BOSTON (JTA) – Amid a spike in anti-Semitic activity across New England, Jewish and Israeli residents met with the mayor of Newton, Massachusetts, to express their concern about incidents in the Boston suburb's school system.
More than 150 people attended the standing-room-only community forum with Mayor Setti Warren on Tuesday evening.
The meeting followed the revelation in late February of several acts of anti-Semitic vandalism at a middle school that had gone unreported. Those reports jarred the city, as did stories about Catholic high school students who chanted anti-Semitic slogans during a game against Newton North High School.
Since the start of 2016, there have been 56 anti-Semitic incidents in various states in New England, according to the New England Anti-Defamation League. In all of last year, there were 61.
“The scourge of anti-Semitism is one of the most important issues facing the city,” Warren said in his opening remarks at the public forum.
The forum was hosted by the Israel American Council at its regional office in Newton, home to a large Jewish population. Some 30,000 Israeli Americans reportedly live in the Boston area. The event was cosponsored with the New England ADL, the Jewish Community Relations Council of Greater Boston and the Combined Jewish Philanthropies of Greater Boston.
Warren, who has traveled to Israel three times in the past four years — including on a trade mission with former Massachusetts Gov. Deval Patrick — noted the strong economic ties between the city and Israel and said he wants to strengthen them. Newton is becoming a magnet for Israeli-founded companies. Some 200 companies brought in $9.3 billion to the state's economy, according to a report issued last week.
“One concern is the BDS movement,” Warren said, referring to the Boycott, Divestment and Sanctions movement against Israeli. “It's working at cross purposes to establishing partnerships with the Israeli business community."
Warren also responded positively to a suggestion by Robert Trestan, ADL's New England regional director, for Newton to partner with a sister city in Israel.
The high turnout for the forum was a sign of community concern, said Ilan Segev, co-chair of the Boston Israel American Council. In addition to the Israeli and Israeli-American attendees, many in the audience were Jews from Newton, heavily Jewish Brookline and other nearby towns. Segev urged those in attendance not to be silent.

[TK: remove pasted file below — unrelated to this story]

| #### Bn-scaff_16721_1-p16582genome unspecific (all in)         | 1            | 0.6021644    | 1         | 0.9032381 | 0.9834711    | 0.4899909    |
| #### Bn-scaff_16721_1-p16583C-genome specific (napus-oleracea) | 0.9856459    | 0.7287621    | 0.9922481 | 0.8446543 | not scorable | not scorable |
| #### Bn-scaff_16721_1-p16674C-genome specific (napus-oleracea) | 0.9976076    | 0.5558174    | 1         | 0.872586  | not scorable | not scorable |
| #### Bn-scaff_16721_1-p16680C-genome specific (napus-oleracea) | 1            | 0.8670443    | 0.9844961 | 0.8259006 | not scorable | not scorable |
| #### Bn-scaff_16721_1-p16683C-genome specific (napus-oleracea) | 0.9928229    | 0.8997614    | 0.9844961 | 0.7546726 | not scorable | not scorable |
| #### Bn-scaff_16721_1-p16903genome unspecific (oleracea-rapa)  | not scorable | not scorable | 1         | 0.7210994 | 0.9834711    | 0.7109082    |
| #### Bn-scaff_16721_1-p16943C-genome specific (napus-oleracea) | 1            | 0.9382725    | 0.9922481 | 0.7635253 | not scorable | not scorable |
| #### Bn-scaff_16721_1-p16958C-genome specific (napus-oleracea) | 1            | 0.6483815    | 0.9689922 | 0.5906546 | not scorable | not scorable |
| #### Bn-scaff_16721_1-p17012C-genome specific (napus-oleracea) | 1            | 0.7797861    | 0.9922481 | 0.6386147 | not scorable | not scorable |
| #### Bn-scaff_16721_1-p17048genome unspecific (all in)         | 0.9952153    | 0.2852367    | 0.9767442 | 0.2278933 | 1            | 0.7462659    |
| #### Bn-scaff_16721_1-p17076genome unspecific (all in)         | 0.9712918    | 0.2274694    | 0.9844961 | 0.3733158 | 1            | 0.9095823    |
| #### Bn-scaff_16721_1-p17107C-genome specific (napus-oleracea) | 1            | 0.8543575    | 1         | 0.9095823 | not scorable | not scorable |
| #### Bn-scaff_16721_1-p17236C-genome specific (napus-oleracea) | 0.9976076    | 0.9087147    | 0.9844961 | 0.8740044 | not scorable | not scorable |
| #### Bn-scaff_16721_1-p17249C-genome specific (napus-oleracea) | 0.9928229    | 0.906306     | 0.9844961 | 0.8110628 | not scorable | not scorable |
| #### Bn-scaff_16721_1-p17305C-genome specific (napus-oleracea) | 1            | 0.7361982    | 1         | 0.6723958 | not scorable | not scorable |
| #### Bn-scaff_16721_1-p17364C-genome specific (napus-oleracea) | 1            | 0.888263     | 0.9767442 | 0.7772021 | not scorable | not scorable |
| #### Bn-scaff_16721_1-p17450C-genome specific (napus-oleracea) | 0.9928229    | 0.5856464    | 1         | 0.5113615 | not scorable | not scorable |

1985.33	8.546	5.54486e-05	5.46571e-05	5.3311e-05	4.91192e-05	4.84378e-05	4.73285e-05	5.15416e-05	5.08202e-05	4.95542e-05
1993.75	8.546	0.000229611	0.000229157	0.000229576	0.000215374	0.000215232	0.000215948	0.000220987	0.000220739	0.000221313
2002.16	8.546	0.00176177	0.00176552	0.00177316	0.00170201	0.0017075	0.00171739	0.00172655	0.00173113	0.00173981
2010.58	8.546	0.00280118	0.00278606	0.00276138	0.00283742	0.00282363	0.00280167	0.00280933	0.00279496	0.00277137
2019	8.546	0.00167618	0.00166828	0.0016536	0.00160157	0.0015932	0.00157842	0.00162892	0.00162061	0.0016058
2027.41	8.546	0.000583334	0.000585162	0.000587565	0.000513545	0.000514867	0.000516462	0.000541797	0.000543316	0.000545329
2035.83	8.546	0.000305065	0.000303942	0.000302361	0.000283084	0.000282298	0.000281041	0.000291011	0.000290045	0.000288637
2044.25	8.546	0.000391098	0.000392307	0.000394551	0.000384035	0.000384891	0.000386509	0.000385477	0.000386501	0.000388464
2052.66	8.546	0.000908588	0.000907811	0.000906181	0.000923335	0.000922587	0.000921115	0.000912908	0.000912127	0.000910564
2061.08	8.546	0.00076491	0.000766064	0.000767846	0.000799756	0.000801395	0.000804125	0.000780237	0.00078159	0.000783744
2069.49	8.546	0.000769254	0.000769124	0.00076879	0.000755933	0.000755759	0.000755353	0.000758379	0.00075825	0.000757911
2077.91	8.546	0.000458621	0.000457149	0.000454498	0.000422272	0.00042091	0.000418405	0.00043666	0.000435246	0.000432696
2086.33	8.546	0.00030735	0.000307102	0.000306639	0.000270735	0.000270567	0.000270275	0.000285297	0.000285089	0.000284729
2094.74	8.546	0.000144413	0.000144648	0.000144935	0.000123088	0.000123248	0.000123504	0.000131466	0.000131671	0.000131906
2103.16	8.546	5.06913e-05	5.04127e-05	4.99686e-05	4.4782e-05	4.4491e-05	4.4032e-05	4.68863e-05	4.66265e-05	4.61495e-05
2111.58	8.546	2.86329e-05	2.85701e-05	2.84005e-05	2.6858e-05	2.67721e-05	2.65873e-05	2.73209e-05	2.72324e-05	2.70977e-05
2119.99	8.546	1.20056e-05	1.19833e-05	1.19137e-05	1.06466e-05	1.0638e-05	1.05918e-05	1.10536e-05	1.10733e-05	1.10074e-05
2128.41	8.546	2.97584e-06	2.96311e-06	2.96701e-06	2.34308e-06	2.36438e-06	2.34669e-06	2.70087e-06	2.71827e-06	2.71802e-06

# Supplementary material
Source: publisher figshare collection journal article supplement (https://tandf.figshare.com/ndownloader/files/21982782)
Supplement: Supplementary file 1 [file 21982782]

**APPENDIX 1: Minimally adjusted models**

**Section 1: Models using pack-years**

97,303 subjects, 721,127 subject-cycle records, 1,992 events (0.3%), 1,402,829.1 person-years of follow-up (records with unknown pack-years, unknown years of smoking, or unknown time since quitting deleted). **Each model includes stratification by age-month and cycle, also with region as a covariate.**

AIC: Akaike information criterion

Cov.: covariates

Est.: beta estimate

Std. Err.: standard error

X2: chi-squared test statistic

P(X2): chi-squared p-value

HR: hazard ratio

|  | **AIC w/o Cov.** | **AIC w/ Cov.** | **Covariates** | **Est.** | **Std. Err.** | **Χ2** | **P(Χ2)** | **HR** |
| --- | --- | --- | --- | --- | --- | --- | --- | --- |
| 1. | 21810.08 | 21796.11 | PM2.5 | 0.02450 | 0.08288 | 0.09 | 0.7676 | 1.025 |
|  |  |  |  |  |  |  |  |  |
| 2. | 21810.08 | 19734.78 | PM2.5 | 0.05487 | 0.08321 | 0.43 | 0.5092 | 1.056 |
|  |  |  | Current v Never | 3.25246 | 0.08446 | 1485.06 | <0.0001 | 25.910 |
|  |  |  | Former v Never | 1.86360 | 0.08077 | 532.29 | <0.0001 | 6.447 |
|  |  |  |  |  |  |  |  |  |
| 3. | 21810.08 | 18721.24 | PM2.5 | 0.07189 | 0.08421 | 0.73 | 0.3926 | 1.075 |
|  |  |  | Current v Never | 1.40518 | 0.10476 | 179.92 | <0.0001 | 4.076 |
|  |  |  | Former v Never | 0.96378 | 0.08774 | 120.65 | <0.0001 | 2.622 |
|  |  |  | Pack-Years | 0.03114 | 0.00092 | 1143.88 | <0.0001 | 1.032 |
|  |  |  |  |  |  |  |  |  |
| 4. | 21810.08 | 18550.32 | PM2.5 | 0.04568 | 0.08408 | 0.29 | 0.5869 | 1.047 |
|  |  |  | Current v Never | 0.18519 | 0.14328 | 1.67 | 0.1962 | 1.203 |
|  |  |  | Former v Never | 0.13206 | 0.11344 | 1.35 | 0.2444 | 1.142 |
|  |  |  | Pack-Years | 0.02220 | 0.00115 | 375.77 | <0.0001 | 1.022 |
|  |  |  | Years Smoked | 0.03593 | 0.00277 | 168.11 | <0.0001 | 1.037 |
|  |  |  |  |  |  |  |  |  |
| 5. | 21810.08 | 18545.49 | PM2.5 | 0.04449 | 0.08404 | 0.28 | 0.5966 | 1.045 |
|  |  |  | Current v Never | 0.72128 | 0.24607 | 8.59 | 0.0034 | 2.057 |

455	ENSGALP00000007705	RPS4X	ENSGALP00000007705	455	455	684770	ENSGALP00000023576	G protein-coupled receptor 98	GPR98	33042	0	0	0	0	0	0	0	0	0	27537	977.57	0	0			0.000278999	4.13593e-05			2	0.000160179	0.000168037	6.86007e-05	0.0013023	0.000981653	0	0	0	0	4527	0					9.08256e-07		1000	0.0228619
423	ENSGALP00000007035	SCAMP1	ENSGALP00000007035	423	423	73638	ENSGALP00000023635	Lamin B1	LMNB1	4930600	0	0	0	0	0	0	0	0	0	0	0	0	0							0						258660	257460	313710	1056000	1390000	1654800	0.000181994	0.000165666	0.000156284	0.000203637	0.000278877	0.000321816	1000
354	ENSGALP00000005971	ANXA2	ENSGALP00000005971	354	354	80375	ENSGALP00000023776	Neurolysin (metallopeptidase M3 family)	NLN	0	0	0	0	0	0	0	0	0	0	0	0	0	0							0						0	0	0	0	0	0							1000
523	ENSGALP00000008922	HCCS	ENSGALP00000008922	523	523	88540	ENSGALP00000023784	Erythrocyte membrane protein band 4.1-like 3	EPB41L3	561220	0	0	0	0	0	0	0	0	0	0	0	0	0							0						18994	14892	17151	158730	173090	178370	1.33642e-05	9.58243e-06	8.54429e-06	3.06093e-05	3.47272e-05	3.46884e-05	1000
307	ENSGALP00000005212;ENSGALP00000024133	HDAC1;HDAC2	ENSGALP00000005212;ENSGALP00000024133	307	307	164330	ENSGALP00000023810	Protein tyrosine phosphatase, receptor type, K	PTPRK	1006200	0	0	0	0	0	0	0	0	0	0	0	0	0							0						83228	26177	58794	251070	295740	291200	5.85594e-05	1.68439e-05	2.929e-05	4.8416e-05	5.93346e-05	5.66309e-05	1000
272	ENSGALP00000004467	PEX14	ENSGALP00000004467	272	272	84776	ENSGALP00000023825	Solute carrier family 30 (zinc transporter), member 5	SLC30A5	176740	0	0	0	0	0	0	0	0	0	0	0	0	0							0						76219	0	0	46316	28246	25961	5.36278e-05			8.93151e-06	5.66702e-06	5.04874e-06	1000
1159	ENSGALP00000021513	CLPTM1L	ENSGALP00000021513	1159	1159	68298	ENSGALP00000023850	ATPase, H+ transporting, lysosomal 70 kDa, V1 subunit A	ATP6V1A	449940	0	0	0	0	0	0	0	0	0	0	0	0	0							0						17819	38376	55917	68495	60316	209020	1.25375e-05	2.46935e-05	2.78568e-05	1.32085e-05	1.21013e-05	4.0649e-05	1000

The overwhelming number of questions from the audience concerned what several people referred to as an anti-Israel bias in the schools' curricula. Many called on the mayor to make the curricula transparent by having them posted online.
“I'm less worried about swastikas. What scares me is what goes on in broad daylight and what happens in the schoolroom,” said Charles Jacobs, head of Americans for Peace and Tolerance, a group that monitors extremism among American Muslim leaders.
Jacobs, who has campaigned for years against city school textbooks that he sees as pro-Palestinian and anti-Semitic, confronted Warren at an April 7 public forum in the city.
At Tuesday's less contentious meeting, Jacobs and several current and former parents from the schools said anti-Israel activity is the new anti-Semitism.
Among other city responses to the incidents, Warren said he has initiated discussions to reintroduce curriculum from Facing History and Ourselves, a Boston-based international educational organization that focuses on the Holocaust and genocide. Warren urged people to bring specific examples of problematic curricula directly to his attention.
The Israeli-American community has a heightened awareness of anti-Semitism, according to Naama Ore, the Israel American Council's regional director, whose children attend the public schools in Brookline.
“As leaders in the community and as an organization, we have to take action and come together like we did tonight,” she told JTA.